The opening notes of Joan Jett hollering “Bad Reputation” made me grow wistfully nostalgic for Freaks & Geeks reruns. The hope budded that maybe 10 Things I Hate About You would be the same tour de force narrative brimming with the same type of candor. It is not. Not at all. But that’s okay. It has its own amount of charms that forgive the obvious chinks in the armor of this very loose adaptation.
True, its story reads exactly like a book or rather a play, William Shakespeare’s Taming of the Shrew to be exact, but 10 Things I Hate About You succeeds due to the chemistry and charisma of its players. There is genuine concern on the part of the audience as we watch them go through the interludes and rhythms that we already foresee beforehand. This is not the reinvention of the wheel in terms of high school romance films — not by a long shot — but the script coauthored by Karen McCullah Lutz and Kirsten Smith is equal parts lithe and witty. There’s actually some life to it, even if the plot is an age old rehash of the Bard. It makes knowing what will happen next of lesser importance and more crucial how the resulting events will affect our protagonists — how they will deal with the inevitable teen drama.
Because the set-up is simple. There are two sisters. For arbitrary reasons, one of the said sisters cannot go to a party unless her older sister is also present. That’s at the behest of their resident oddball father who’s also a bit of a worrywart. Important for this tale is that everyone in school seems to know the set-up too. The smart aleck cool kid Joey Donner is looking to bed the perky Bianca (Larisa Oleynik) for the very reason that she is untouchable. Meanwhile, the starry-eyed new kid Cameron (Joseph Gordon-Levitt) falls instantly in love with this blonde vision. He doesn’t realize he has competition.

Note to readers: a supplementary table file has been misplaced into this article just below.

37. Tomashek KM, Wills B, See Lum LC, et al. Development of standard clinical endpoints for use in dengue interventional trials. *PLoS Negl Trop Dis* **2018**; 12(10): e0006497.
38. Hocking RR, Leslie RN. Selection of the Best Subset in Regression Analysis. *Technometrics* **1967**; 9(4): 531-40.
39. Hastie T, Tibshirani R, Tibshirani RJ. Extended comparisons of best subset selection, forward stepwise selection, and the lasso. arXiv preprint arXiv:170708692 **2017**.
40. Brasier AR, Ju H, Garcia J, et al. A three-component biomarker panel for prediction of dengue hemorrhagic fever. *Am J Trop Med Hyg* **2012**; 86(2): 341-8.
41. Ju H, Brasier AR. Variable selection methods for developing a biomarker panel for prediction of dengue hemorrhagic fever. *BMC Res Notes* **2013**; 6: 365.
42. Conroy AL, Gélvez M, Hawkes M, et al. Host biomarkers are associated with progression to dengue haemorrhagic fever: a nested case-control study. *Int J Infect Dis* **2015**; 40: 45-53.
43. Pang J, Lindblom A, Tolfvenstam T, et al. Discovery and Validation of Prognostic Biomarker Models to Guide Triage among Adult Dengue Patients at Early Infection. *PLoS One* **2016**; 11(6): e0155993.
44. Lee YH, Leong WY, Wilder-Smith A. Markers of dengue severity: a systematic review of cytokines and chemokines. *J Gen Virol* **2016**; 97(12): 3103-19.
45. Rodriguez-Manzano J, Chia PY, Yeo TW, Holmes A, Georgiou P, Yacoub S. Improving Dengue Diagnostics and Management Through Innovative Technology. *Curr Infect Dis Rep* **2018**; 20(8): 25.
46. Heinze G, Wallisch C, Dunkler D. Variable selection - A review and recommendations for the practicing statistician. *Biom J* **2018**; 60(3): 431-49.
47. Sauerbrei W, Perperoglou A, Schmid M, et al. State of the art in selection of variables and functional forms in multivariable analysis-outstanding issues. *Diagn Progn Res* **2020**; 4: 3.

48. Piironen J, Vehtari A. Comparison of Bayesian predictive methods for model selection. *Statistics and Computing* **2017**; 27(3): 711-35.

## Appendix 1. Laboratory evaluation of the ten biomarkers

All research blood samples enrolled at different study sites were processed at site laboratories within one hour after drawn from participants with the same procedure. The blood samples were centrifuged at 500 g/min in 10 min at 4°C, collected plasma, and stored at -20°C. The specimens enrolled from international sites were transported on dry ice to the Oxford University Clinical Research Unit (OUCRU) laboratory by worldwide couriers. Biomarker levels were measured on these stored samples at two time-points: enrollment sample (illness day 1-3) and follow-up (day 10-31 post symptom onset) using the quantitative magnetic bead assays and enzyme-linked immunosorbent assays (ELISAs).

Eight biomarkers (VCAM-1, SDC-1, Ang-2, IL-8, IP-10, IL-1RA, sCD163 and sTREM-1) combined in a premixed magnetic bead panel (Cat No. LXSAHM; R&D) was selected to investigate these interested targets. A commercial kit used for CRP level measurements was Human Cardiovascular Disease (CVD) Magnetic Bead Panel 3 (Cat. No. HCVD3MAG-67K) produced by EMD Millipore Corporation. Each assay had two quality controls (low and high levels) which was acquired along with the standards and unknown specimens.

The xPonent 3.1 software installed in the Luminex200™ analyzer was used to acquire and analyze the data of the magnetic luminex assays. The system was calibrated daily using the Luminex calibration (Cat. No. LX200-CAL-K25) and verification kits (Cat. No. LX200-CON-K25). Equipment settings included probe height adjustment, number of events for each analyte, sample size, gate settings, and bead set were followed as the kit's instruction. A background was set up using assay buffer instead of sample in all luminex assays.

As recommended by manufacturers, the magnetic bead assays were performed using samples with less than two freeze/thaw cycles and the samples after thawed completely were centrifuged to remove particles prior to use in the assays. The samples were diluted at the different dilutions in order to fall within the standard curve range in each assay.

However, it all seems for naught due to Bianca’s “shrewish” sister Katherine (Julie Stiles) whose acerbic outlook on life seems destined to lead to dismal isolation. It’s no wonder she curls up in her living room with Sylvia Plath. Still, not to be outdone Joey enlists the help of resident bad boy Patrick Verona (Heath Ledger) to win Kat over and get her on a date. So right there you have the basis for the entire film with our two sisters and two parallel love stories (or loathe stories) with the cool kid running interference while also putting Patrick on his payroll.
At this point, it’s not necessary to get into all the gory details because we’ve probably seen them all before. But for some strange unknowable reasons I accept its cliches and sappiness and that, once again, I credit to the cast. Ledger and Stiles work well together churning up the sparks, he by exemplifying an equal dose of good-natured charm and roguishness. She is simultaneously able to balance the necessary contempt with genuine care. She cares for her sister, her father, and ultimately Patrick as well. Larisa Oleynik is a capable counterpoint to Stiles and although his role feels relatively minor, Levitt wins the sympathies of any person ever on the outside earnestly looking in.
A major highlight involves Ledger lip syncing to Frankie Valli with synchronized band accompaniment as he tries to win back Kat while concurrently evading campus security. It’s in such a devilishly charming (or dorky) moment where he seems to have won Kat over for good. Although that’s not quite the case, he has the audience on his side for a great deal of the time after that. It only takes the final act for Kat to get there too. It takes a literature assignment of gushy poetry about how much she hates him, for her to realize that she hates being without him even more. Is this destructive? Maybe, but this is a movie about teenagers and teenagers aren’t supposed to have everything figured out. That’s part of the reason why we still readily watch movies about them.